These feathery beige moths are responsible for the loss of 25 - 50% of each year’s California coastal artichoke crop. If you are lucky enough to live in desert areas, this pest isn’t a problem. Otherwise, read on!
But, before we start learning about this pest, I have to comment on its scientific name. If you read this blog regularly, you know that I always try to include the Latin names. Some of them can be pretty entertaining, such as carrot’s Daucus carota. Any coincidence to Bugs’ “What’s up, doc?” Hard to say for sure, but this plume moth’s scientific name just begs to be, well, something. I mean, Platyptilia carduidactyla just screams platypus pterodactyl to me. Ok, maybe not.
Artichoke plume moth description
Adult moths are brownish beige to beige, with a wingspan of 3/4” to 1-1/2”. The wings are unique for a couple of reasons. First, they look very narrow when moths are at rest, with ends that are wider or “footed”. If you can look closely, you will see that the hind wings are fringed. Also, both sets of wings are lobed, creating the illusion that they have several wings. First instar larvae are pale yellow and only 1 mm long, so they are difficult to see. Later instars are larger, with the final instar reaching a little over 1/2” in length, and a more pinkish color. Eggs are only 0.5mm long and shiny. They start out a pale greenish yellow and turn a darker orangish-yellow before hatching.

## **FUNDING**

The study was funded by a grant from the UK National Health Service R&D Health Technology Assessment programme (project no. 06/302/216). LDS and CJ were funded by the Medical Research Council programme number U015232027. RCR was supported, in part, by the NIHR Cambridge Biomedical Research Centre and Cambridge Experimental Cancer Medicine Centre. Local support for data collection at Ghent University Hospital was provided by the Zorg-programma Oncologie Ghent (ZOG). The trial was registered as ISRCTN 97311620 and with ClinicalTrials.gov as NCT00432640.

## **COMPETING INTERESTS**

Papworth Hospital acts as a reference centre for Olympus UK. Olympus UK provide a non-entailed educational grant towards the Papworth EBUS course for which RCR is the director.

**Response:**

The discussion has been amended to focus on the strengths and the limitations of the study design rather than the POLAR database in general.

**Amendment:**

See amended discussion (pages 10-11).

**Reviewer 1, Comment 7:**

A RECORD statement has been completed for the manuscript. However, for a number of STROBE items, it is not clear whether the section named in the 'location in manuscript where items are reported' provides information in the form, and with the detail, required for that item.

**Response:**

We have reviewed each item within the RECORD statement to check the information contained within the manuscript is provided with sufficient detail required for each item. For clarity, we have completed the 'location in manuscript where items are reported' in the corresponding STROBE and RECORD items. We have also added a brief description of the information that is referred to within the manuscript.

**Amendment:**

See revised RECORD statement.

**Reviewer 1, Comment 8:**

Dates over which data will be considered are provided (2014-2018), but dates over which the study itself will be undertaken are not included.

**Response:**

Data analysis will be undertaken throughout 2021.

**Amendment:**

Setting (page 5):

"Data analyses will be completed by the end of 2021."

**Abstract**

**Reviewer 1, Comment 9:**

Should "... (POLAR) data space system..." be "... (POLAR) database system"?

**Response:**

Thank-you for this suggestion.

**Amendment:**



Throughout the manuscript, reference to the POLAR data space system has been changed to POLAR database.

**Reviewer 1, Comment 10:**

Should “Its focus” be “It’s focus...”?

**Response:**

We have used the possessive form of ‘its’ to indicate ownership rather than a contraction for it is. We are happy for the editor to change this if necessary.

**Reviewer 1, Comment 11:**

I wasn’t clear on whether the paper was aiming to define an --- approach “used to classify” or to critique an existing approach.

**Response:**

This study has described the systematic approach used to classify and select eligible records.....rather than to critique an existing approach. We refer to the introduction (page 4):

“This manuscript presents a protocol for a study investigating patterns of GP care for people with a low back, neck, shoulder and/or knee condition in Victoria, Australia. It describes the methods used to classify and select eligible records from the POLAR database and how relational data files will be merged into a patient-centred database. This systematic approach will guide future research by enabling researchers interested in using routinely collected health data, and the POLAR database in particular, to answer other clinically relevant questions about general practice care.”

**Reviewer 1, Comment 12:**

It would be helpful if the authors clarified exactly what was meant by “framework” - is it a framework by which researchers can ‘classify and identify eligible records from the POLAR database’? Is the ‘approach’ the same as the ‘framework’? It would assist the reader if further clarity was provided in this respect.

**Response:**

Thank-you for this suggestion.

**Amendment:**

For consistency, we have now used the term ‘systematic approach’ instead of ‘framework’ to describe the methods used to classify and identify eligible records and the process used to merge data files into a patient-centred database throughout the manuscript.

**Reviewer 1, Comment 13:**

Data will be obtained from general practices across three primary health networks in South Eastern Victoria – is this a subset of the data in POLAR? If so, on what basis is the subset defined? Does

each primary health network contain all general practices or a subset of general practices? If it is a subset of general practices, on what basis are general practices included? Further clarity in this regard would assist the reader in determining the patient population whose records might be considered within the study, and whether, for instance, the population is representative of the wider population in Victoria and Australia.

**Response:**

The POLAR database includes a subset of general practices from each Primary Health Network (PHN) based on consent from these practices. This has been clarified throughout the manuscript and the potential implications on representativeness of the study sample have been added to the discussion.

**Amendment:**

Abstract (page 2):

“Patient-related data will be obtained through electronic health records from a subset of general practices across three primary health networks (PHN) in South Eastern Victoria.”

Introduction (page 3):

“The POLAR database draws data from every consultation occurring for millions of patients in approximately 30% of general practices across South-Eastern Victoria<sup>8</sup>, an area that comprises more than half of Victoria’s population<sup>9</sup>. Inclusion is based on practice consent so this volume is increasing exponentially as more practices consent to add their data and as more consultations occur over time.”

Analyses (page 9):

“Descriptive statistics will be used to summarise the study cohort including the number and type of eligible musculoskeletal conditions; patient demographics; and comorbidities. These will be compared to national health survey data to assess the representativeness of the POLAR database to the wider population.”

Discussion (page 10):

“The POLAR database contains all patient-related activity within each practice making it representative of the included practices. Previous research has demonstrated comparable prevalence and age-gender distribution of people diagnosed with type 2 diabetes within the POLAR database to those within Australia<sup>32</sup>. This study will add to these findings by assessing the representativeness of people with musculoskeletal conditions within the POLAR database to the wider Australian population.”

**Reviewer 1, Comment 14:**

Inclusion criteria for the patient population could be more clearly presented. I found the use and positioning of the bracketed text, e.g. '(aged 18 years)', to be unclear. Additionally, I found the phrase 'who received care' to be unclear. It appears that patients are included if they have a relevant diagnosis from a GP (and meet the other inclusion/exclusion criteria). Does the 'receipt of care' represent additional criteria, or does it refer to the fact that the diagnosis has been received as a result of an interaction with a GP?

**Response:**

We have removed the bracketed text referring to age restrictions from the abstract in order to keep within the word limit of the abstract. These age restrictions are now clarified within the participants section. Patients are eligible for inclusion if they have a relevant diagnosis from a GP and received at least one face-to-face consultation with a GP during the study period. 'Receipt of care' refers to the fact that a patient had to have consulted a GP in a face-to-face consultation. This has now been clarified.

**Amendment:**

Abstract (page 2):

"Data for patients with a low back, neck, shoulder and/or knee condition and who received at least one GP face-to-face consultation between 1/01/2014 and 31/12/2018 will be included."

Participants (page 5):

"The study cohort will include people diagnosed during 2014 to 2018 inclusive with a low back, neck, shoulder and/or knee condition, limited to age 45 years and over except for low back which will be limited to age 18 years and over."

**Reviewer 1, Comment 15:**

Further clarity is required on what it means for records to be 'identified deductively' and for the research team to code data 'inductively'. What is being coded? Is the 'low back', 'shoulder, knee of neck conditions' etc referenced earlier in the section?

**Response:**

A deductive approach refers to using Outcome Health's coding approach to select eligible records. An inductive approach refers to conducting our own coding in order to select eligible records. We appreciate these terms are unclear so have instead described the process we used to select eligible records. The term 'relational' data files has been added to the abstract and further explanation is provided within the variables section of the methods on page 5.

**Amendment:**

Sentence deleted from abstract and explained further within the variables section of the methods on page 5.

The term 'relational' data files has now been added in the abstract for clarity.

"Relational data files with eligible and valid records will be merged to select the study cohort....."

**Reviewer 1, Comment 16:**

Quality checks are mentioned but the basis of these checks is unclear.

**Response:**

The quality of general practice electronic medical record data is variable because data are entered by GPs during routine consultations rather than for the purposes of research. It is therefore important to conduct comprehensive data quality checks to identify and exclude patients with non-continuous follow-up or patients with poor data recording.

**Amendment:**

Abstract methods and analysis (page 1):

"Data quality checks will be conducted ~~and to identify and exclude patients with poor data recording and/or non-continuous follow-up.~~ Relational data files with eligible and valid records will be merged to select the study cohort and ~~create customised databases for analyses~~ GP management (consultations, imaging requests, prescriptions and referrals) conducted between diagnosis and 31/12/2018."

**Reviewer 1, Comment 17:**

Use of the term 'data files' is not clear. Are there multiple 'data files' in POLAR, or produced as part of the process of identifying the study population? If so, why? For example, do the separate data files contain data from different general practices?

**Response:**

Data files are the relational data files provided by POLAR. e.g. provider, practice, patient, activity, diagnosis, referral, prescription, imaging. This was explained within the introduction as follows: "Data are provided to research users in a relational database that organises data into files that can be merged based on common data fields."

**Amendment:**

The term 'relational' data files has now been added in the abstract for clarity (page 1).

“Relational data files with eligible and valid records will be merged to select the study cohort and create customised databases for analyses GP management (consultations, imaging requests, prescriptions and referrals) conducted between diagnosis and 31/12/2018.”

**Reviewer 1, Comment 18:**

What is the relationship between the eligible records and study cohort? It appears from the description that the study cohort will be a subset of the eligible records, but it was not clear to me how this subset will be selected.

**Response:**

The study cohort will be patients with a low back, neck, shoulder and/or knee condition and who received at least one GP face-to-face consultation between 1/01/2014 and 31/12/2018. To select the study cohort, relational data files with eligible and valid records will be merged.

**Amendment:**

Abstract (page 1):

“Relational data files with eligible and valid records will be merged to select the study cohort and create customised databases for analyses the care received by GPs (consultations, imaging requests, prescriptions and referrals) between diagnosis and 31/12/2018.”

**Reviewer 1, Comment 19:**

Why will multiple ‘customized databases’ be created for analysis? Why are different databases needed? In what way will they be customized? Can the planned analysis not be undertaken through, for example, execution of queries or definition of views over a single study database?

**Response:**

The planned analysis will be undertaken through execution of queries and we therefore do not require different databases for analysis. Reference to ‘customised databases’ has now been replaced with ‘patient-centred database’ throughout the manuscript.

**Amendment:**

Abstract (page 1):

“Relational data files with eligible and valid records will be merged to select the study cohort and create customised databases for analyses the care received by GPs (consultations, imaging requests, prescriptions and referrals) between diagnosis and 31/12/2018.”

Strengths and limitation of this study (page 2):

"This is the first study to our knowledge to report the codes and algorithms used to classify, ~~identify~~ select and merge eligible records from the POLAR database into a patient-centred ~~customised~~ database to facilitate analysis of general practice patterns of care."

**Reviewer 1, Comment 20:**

Artichoke plume moth lifecycle
Female moths lay an average of 245 eggs singly on the underside of leaves and on stems, usually close to unopened buds. When they hatch, larvae begin feeding on leaves, stems, and buds. After their first molt, larvae borrow into your precious artichoke plants. With three or four overlapping generations a year, plume moths can inflict some serious damage!
Controlling the artichoke plume moth
Back in the 1940’s and 50’s, DDT was used to control these pests. Luckily, those days are behind us. Research has shown that good sanitation and cultural controls are very effective, although insect growth regulators (IGR) and pheromone traps are used on many commercially grown crops. You can protect your artichokes from the plume moth with these practices:
Have you seen this pest in your yard? Let us know in the comments!
I hope this information inspires you to grow more of your own food. You can ask your garden questions on my Home page.